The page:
The Roll of Palliative Rehabilitation in Serious Illness

  • Noelle Marie Javier MD
  • Marcos Montagnini MD, FACP

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Introduction: With various serious illnesses, patients experience high levels of functional loss, deconditioning and dependency for activities of daily living (ADLs). This can lead to social isolation, depression, caregiver breakdown, and institutionalization (1,2).  This Fast Fact will review the benefits and challenges of palliative rehabilitation.

What is Palliative Rehabilitation?  Palliative rehabilitation is defined as the process of helping a person with a progressive, often terminal illness reach their physical, psychological, and social potential consistent with physiological and environmental limitations and life preferences (3,4). While the aim of conventional rehabilitation is to restore function closer to or better than baseline, palliative rehabilitation primarily aims to promote independence in self-care activities, improvement in symptom control, stabilization of functional decline, and/or provision of emotional support. Subset definitions of palliative rehabilitation have been described based on the patient’s anticipated recovery (5-6):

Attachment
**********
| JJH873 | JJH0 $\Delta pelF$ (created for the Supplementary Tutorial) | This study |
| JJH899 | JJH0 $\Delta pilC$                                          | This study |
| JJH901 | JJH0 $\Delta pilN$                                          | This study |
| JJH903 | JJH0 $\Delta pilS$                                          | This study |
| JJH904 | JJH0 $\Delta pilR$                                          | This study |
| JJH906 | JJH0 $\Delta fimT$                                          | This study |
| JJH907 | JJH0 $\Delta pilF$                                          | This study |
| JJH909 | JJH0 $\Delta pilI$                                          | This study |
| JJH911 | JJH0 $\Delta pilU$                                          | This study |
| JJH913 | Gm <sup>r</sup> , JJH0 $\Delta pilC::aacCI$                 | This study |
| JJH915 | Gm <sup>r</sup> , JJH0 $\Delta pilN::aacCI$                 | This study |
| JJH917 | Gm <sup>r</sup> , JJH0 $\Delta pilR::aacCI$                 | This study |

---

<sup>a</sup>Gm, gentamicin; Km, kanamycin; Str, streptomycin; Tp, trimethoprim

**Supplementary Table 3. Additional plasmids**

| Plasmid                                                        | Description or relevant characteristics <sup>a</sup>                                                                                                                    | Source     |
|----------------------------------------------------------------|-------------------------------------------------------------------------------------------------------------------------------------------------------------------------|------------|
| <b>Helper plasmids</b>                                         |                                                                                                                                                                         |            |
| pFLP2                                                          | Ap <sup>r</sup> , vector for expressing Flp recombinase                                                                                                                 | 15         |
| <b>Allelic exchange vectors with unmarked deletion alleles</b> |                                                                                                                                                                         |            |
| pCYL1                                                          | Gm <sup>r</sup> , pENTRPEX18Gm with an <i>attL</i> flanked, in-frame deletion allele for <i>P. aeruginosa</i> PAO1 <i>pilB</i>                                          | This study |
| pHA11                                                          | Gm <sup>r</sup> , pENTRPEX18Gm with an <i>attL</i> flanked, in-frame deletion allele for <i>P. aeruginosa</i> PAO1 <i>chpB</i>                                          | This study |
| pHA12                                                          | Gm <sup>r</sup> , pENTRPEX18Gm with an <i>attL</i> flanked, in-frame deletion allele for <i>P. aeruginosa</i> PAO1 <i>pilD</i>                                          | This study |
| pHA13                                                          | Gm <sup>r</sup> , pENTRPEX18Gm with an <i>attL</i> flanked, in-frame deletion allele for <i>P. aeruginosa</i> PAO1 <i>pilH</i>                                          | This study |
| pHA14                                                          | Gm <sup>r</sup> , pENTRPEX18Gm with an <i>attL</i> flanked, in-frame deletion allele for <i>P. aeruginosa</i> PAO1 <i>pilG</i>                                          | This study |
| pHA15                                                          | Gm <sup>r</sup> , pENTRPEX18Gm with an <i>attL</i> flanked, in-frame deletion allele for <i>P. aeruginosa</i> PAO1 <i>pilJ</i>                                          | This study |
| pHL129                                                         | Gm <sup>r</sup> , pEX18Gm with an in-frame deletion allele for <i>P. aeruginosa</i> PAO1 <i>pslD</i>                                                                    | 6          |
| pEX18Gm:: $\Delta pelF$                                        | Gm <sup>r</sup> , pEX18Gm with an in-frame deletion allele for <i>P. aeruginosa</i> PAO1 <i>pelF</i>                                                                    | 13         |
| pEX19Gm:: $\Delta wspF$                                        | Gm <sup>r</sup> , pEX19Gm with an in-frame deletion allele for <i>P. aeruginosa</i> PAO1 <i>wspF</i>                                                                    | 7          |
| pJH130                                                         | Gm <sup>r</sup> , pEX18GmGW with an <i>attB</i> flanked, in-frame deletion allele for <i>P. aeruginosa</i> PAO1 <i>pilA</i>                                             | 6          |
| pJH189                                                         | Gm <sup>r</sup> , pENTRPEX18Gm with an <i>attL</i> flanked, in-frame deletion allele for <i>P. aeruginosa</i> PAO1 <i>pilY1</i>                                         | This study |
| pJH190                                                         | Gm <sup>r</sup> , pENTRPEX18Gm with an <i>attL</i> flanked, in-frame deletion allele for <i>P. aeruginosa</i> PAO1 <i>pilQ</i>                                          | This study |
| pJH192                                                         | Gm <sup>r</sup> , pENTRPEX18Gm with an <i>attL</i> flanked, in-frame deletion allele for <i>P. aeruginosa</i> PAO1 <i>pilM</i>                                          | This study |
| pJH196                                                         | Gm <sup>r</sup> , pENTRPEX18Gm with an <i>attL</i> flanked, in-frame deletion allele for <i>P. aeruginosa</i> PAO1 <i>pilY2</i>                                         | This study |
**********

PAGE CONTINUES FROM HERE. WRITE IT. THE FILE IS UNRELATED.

• Preventative Rehabilitation: attempts to preclude or mitigate anticipated functional morbidity from the underlying illness or its treatment for patients who often have no functional impairments yet.
  • Restorative Rehabilitation: refers to the effort to return patients to their premorbid functional status when little long-term impairment is anticipated (e.g. short-term functional impairments anticipated from a neutropenic fever, but there is a high chance of return to previous baseline functional level).  
  • Supportive Rehabilitation: attempts to maximize function after permanent impairments caused by an underlying illness and/or its treatment for which morbidity is anticipated to progress over time.